Alternative splicing of mRNA is a key molecular event that allows the generation of multiple mRNAs from a single gene, coding for protein isoforms with different structural and functional properties. Approximately 90% of human genes produce more than one transcript through alternative splicing . This process is highly regulated by a complex interplay between trans-splicing factors and cis-responsive elements within exons and surrounding introns in normal growth and development [2,3,4]. Dysregulation of alternative splicing has been found to be associated with various human diseases, including cancer [5,6,7,8].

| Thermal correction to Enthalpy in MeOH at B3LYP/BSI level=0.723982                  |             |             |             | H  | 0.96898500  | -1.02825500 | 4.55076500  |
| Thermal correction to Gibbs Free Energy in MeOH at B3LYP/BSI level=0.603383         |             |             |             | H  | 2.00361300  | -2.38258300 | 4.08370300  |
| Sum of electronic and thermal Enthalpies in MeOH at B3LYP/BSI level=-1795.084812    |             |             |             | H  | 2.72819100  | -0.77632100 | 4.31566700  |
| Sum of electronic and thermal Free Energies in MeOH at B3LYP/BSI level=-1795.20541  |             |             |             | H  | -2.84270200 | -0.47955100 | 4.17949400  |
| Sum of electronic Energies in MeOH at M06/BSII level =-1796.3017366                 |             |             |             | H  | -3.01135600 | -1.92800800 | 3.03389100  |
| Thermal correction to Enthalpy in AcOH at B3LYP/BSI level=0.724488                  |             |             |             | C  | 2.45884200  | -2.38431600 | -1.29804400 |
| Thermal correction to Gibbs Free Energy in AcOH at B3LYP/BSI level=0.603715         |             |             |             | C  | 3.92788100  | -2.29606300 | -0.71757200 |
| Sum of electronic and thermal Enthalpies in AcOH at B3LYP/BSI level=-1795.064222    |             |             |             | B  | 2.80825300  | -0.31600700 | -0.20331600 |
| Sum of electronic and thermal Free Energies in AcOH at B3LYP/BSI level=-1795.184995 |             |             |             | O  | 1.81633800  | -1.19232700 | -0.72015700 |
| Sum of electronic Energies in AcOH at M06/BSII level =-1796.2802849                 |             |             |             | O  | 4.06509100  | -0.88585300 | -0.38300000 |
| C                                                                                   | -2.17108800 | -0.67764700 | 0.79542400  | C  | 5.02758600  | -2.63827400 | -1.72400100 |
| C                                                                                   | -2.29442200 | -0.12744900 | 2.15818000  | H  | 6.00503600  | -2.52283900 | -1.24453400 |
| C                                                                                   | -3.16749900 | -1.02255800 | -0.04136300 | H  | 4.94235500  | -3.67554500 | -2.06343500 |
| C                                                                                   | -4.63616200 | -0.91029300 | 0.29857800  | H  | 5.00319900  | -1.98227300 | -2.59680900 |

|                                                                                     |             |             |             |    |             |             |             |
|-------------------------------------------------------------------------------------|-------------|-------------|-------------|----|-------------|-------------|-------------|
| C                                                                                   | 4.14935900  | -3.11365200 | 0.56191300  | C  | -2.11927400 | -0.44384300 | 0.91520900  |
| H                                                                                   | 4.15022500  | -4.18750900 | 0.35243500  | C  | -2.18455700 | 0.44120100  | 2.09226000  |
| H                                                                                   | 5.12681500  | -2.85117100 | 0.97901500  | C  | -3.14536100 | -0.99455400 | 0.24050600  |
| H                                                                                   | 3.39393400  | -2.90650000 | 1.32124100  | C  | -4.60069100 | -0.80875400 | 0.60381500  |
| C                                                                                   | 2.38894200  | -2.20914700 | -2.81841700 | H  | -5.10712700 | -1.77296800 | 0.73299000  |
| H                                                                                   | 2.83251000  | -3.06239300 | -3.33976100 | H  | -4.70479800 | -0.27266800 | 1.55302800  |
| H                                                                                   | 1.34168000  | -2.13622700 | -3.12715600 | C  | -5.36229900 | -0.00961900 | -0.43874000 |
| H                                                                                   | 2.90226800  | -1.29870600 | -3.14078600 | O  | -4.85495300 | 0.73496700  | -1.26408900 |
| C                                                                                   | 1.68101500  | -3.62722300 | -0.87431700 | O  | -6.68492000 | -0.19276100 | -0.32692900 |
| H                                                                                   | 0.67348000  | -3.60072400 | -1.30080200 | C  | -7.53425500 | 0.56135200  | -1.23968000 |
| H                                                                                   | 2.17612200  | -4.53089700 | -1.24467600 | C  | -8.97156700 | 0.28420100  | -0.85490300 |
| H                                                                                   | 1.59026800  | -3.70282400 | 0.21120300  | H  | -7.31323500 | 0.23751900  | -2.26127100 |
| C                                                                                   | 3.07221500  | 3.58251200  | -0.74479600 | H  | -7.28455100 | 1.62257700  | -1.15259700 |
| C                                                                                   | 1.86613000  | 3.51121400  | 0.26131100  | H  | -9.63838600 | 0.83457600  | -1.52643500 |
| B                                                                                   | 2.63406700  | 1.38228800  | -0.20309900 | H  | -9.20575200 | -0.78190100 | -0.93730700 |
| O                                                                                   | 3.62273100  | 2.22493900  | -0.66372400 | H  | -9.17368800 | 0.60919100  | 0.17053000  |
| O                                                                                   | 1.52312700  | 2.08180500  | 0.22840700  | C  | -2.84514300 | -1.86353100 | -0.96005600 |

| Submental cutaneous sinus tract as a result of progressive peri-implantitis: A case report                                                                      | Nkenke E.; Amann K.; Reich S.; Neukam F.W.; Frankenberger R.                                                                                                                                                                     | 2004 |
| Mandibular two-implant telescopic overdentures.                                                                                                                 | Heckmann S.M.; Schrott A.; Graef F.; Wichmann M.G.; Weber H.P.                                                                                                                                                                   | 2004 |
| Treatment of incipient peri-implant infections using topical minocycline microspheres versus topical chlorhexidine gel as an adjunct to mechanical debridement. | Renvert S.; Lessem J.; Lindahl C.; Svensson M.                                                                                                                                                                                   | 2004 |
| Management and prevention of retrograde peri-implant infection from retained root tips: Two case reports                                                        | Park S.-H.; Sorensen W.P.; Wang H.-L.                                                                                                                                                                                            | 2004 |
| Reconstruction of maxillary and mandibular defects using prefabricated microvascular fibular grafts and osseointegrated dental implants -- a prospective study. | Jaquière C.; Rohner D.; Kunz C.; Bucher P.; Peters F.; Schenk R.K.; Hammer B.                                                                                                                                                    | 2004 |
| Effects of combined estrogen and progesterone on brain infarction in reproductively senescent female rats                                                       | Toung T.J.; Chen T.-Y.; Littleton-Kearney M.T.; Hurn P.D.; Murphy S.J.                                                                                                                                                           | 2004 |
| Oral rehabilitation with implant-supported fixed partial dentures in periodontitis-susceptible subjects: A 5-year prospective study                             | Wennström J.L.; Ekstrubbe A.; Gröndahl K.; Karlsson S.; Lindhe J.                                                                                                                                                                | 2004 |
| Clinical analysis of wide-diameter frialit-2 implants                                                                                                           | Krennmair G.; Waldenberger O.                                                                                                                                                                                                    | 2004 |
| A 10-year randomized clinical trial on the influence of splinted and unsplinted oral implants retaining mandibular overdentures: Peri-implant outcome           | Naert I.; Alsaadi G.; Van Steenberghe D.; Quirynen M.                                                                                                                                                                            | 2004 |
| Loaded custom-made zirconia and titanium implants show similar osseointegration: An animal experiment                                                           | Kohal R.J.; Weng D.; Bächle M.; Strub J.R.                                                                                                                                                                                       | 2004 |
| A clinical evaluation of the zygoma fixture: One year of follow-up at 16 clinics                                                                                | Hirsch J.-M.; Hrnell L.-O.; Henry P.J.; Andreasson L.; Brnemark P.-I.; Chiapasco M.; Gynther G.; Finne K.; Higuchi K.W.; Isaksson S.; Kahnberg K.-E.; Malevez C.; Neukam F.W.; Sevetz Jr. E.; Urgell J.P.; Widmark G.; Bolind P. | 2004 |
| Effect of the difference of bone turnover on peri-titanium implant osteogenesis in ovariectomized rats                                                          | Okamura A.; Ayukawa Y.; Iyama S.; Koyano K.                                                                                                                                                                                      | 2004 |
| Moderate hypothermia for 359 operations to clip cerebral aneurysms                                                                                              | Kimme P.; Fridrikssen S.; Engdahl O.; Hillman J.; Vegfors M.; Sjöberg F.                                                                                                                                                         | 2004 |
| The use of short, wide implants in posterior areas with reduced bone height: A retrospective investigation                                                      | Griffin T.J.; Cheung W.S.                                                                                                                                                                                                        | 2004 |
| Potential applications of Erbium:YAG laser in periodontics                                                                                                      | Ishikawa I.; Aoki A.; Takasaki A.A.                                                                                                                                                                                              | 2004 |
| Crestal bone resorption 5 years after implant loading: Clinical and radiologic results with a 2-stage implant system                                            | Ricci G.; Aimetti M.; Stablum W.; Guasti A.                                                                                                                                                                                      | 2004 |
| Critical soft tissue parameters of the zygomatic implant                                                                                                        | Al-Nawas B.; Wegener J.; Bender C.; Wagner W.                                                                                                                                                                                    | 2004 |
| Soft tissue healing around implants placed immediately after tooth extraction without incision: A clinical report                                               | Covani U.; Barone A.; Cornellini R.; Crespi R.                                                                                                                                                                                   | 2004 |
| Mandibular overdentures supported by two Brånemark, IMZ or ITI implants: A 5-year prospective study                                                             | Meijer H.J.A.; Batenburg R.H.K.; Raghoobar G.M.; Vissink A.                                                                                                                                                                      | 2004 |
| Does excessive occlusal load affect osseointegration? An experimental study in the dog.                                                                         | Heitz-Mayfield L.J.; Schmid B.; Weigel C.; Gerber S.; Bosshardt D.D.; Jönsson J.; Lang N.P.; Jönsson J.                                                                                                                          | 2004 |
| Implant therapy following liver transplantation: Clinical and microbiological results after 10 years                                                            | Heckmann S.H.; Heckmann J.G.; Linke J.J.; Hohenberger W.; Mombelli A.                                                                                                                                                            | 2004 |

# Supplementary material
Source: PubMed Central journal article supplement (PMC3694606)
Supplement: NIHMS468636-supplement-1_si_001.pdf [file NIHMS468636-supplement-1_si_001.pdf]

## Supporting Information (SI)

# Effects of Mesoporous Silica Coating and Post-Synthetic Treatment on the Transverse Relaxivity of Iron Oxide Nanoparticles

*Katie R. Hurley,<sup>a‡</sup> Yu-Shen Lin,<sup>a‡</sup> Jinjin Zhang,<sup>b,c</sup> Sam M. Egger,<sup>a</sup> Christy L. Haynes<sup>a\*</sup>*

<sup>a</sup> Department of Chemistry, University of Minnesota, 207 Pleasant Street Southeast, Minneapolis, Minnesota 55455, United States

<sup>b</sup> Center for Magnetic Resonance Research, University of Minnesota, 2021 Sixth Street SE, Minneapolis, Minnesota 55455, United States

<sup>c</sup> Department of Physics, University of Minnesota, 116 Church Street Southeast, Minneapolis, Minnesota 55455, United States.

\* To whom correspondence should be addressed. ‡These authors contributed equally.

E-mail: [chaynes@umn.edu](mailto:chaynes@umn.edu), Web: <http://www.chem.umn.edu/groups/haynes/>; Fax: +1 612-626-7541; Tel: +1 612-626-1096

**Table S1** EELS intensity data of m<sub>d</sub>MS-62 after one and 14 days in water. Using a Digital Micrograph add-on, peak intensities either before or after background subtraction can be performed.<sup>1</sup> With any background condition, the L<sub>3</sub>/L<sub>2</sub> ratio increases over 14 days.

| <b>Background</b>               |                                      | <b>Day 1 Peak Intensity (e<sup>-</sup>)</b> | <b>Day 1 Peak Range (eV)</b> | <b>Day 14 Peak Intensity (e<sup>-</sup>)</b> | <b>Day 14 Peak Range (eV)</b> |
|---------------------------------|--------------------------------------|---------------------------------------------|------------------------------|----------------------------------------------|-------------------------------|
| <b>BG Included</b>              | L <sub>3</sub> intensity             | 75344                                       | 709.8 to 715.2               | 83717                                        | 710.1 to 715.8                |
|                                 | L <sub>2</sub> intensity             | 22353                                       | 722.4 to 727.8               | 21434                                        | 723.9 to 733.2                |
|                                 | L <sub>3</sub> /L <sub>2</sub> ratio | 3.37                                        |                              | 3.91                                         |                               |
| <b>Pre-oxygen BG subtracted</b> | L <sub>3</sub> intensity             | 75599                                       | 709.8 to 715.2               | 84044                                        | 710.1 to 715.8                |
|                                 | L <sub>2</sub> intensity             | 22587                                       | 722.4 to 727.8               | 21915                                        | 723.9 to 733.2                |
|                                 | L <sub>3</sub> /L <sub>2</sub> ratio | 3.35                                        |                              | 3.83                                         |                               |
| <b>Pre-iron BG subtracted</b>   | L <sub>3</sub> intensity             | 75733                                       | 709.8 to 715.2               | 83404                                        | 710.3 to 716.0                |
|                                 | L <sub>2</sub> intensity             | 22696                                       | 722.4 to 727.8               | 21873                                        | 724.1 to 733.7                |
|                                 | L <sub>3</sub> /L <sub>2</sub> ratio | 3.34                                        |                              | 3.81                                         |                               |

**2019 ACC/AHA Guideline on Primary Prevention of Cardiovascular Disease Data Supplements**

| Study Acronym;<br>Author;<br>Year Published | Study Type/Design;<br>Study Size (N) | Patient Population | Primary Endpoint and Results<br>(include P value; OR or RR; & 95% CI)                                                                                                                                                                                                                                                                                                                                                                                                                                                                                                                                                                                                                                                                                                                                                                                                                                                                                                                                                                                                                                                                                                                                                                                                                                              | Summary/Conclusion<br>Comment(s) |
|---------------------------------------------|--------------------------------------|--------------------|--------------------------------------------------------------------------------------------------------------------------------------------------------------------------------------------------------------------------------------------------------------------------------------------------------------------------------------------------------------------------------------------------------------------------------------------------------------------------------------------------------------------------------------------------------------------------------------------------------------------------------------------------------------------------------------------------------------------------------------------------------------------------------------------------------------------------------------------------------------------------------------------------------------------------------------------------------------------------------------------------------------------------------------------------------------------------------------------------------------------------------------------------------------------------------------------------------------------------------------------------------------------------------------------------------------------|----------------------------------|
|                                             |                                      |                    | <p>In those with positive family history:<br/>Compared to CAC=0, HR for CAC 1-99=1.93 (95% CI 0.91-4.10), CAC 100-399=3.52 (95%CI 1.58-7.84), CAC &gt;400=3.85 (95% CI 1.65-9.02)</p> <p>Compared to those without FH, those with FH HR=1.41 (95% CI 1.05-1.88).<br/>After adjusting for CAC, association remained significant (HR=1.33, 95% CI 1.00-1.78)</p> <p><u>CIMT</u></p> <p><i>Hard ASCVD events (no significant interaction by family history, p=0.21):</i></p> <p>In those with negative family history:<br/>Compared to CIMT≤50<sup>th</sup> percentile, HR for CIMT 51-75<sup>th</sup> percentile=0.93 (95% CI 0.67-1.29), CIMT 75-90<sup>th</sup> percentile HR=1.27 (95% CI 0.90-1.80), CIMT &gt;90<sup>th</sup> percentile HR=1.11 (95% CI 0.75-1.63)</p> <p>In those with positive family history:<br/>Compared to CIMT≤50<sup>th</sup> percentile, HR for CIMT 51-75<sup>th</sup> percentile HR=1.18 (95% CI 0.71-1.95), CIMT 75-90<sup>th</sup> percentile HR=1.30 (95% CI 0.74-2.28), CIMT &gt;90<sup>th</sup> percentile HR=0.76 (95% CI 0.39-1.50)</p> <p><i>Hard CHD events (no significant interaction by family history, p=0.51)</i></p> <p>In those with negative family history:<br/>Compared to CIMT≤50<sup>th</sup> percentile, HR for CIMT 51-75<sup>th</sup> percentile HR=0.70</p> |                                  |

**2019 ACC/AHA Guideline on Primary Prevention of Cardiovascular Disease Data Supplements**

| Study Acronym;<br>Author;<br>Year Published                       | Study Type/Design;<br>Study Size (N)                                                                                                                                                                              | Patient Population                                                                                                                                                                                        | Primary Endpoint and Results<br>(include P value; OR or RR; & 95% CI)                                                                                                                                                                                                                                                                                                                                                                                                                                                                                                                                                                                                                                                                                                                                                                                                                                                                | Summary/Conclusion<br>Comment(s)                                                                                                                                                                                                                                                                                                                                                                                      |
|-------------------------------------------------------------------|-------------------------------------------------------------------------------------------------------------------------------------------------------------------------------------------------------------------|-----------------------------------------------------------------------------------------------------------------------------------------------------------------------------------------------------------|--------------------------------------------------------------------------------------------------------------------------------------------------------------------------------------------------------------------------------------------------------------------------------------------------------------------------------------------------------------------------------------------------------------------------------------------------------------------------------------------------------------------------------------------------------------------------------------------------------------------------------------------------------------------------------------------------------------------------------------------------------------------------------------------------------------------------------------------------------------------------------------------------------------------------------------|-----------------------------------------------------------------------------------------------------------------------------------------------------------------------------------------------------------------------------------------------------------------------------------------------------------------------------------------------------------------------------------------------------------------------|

Programmed cell death or apoptosis is a common mechanism to eliminate unnecessary or damaged cells in the development and homeostasis of multicellular organisms. The balance between cell proliferation and apoptosis plays an important role in the control of tissue homeostasis. A failure in apoptosis can lead to the development of neoplasia. Abnormal expressions of apoptosis-related factors are frequently associated with resistance to apoptosis. It is widely observed that many apoptotic genes encode for splice variants with opposing effects on apoptotic regulation. Bcl-x is an anti-apoptotic member of the Bcl-2 gene family and plays a critical role in regulating apoptosis in mammalian cells. Alternative splicing of the Bcl-x gene generates two protein isoforms with opposing functions, anti-apoptotic Bcl-xL and pro-apoptotic Bcl-xS. Relative expressions of these two isoforms control the susceptibility of cells to apoptotic stimuli [9,10,11]. Caspase 9 is one of the most important initiators of the intrinsic apoptotic pathway and is activated upon the formation of the Apaf-1/cytochrome c complex, termed the apoptosome . The pro-apoptotic Caspase 9a and anti-apoptotic Caspase 9b are derived from the alternative splicing of the Caspase 9 gene. The Caspase 9b isoform lacks catalytic activity and acts as an endogenous inhibitor of Caspase 9a by interfering with the formation of a functional apoptosome complex between Apaf-1 and Caspase 9 [13, 14]. The alternative splicing of Bcl-x and Caspase 9 can be regulated by several small molecules. Chalfant et al. demonstrated the ability of ceramide to induce pro-apoptotic Bcl-xS and Caspase 9a through activation of alternative splicing . Emetine, an inhibitor of protein synthesis, was shown to be able to regulate the alternative splicing of Bcl-x and Caspase 9 in tumor cells [16, 17]. Chang et al. showed that the antihypertensive drug amiloride could modulate the alternative splicing of various cancer genes, including Bcl-x, HIPK3, and BCR/ABL, in leukemia cells [18, 19]. The manipulation of the alternative splicing of Bcl-x and Caspase 9 may have therapeutic potential in cancer treatment.